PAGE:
If you come across a baby turtle when walking along the beach, don’t put it back in the water.
Some of the loggerhead turtle hatchlings that are in the care of Australian Seabird Rescue.
Some of the loggerhead turtle hatchlings that are in the care of Australian Seabird Rescue. (Australian Seabird Rescue)

Instead of travelling out to richer feeding grounds around New Zealand and New Caledonia, the hatchlings are getting caught in big swells and ending up on Sydney and South Coast beaches.

Australian Seabird Rescue is taking care of baby loggerheads before they can be released back into the ocean.

“Baby turtles washing up on southern beaches can be problematic because they haven’t been able to go where they need to go for their natural environment,” general manager Olly Pitt told nine.com.au.

“Another concern is hatchlings that are washing up and don’t make it, we are finding plastic in their tiny little guts.”

A newly hatched loggerhead turtle makes its way to the ocean.
A newly hatched loggerhead turtle makes its way to the ocean. (Nine Archives)

Loggerhead turtle hatchlings tend to be about five or six centimetres, but fully grown can reach up to 110 centimetres.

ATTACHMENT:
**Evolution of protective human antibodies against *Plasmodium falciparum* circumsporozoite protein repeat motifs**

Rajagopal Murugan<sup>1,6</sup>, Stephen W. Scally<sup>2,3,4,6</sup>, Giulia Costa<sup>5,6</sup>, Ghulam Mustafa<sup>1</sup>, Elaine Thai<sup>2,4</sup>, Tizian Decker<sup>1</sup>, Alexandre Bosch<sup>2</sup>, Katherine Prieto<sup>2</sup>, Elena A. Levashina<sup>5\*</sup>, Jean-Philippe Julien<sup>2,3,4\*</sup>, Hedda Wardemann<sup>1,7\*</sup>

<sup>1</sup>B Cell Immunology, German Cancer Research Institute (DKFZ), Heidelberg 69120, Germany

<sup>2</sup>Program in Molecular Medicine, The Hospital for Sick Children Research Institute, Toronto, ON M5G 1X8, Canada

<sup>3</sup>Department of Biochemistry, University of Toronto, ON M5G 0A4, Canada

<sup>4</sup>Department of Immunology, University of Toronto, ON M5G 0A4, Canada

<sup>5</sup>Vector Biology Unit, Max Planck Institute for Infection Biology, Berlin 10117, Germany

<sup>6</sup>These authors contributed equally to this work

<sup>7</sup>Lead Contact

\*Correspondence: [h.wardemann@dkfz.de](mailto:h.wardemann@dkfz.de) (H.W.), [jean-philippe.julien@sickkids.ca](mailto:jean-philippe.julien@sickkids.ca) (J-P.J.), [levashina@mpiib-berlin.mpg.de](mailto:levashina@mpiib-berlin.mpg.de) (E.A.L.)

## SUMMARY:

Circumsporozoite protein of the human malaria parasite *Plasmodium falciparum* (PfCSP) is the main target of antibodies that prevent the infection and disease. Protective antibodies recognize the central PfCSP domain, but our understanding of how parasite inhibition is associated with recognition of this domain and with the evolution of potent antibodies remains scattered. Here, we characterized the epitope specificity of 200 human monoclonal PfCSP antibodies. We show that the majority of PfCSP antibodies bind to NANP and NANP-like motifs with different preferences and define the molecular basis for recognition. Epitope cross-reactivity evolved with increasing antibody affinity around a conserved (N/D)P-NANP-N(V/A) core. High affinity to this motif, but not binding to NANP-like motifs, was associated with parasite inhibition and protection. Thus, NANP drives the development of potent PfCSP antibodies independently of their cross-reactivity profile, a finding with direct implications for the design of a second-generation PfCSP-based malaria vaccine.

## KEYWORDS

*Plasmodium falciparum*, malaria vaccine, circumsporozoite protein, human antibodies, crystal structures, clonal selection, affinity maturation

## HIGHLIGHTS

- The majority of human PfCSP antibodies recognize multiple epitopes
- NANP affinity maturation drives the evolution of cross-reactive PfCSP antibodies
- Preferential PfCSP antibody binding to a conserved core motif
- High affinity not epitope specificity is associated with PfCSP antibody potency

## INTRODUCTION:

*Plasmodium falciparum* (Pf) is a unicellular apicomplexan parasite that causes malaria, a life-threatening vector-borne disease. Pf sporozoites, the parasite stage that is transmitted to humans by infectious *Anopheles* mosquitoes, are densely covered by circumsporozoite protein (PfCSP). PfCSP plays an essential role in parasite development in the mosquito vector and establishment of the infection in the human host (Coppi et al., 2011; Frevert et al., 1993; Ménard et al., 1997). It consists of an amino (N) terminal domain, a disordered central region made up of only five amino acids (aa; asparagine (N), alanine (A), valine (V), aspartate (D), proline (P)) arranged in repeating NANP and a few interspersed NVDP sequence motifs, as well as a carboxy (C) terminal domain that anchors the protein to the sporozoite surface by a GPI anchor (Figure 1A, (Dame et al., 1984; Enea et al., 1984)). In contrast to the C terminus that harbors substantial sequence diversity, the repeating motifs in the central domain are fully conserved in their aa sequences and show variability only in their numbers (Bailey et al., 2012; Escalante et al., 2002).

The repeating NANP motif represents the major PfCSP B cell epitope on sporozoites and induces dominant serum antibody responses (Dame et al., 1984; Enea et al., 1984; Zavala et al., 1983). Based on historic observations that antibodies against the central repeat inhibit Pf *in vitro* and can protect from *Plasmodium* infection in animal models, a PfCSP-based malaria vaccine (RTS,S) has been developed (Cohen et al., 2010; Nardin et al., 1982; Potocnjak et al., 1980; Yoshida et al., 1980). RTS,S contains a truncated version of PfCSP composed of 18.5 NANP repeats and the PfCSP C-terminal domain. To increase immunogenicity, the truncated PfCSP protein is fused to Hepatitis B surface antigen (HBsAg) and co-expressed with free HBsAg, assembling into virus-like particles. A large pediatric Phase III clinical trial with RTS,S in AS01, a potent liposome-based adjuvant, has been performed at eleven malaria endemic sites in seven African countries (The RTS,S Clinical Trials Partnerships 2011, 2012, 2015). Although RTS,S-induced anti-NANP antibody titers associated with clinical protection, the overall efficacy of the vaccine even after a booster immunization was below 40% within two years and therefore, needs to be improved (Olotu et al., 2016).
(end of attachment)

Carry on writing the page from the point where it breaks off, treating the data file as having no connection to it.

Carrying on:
It takes about 30 years for loggerhead turtles to reach maturity and start breeding. They can live as long as 67 years.

But at their youngest, loggerheads turtles are very vulnerable.

Fully grown, a loggerhead turtle can be more than a metre long.
Fully grown, a loggerhead turtle can be more than a metre long. (Nine Archives)

“The only thing we ask is please do not put them back in the water, it’s likely they will not survive,” she said.

“They’ve been impacted somehow.”

Hatchlings rescued from the South Coast will likely be taken further north to be released in more suitable waters.

Loggerhead turtles are endangered, but have a broad geographical range.

The turtles are found off the coast of nearly every country on Earth, save for the west and south of South America.



This content first appear on 9news

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